During the 1990s, the most high-profile means of ideological enforcement on campus were “speech codes,” or overly-broad harassment policies that could get students and faculty in trouble for controversial remarks related to race and gender. In recent years, according to the Foundation for Individual Rights in Education, the number of speech codes has declined, but new means of silencing provocative speech have emerged. Among them: “Disinvitation attempts,” or protests pressuring campus administrations to bar unpopular political figures from coming to campus after they had been invited to speak to a graduating class or student group (or drive them from campus once they have arrived).
Heterodox Academy, a non-partisan group of faculty dedicated to preserving viewpoint diversity in academia, has produced data about the frequency of such instances over the last 16 years. Their key findings: Efforts to bar speakers from campus appear to be on the upswing, and, since the beginning of the Obama years, it has been the campus Left that has been doing most of the disinviting.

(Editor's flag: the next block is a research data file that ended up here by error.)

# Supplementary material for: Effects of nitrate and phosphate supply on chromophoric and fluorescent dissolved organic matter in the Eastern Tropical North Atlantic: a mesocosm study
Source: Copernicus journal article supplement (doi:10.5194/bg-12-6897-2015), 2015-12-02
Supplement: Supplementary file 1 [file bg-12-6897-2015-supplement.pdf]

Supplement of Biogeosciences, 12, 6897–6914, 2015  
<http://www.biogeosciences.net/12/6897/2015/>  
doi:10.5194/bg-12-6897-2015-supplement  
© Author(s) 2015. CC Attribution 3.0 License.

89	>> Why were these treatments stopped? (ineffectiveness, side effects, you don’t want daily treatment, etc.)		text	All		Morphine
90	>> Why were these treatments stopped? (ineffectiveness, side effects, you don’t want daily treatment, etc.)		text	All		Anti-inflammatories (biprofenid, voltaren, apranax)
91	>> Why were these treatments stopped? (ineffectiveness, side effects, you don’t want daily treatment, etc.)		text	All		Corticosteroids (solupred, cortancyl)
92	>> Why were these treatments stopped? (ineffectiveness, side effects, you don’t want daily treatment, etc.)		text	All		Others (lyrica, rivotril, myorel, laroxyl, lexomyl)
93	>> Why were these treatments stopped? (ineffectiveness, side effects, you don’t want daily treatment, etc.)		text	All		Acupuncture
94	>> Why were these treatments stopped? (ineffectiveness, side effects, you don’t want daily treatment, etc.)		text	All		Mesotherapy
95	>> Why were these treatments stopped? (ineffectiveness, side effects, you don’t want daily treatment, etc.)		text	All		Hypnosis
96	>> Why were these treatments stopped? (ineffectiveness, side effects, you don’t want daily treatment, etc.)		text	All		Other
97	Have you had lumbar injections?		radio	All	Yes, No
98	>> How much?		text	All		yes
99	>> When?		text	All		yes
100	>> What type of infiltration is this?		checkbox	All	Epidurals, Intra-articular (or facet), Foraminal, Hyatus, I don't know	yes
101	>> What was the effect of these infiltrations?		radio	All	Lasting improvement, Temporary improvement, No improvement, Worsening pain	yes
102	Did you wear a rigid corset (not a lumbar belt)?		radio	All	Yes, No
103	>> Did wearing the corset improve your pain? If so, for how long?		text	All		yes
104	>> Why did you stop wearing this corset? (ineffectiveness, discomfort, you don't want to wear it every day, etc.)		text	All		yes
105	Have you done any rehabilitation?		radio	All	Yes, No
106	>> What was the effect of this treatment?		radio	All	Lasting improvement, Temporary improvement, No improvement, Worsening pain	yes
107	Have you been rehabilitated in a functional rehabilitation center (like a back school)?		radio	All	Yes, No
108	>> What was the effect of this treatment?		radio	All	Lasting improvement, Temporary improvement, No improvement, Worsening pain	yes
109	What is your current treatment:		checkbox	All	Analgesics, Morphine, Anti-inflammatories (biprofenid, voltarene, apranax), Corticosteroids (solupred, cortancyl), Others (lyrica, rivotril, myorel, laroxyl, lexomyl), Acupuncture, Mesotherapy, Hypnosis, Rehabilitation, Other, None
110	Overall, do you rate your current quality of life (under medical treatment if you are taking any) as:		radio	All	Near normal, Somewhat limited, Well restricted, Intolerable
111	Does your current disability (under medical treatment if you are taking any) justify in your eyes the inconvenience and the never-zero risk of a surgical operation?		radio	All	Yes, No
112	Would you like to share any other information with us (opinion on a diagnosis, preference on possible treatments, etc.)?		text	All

Why the surge in left-wing activity since 2009? One possible factor is that the Obama administration’s Office for Civil Rights in Education has gone all-in for the activists, pursuing a hard-line interpretation of Title IX and rarely even playing lip service to freedom of speech. So the campus Left felt, correctly, that the federal government had its back.
At the same time, young progressives may have been frustrated by the fact that even the election of the most liberal President in a generation didn’t fully dismantle the patriarchy or eliminate traditionalist or bigoted views, and therefore set out to look for less, er, liberal ways to effect political change.
Alternatively, apologists for the overzealous campus protesters would say, young people are merely becoming more politically activated and more alert to the oppression around them. In that case, the sense of injustice is sure to be aroused further during the next four years, and the disinvitation craze can’t be expected to abate anytime soon.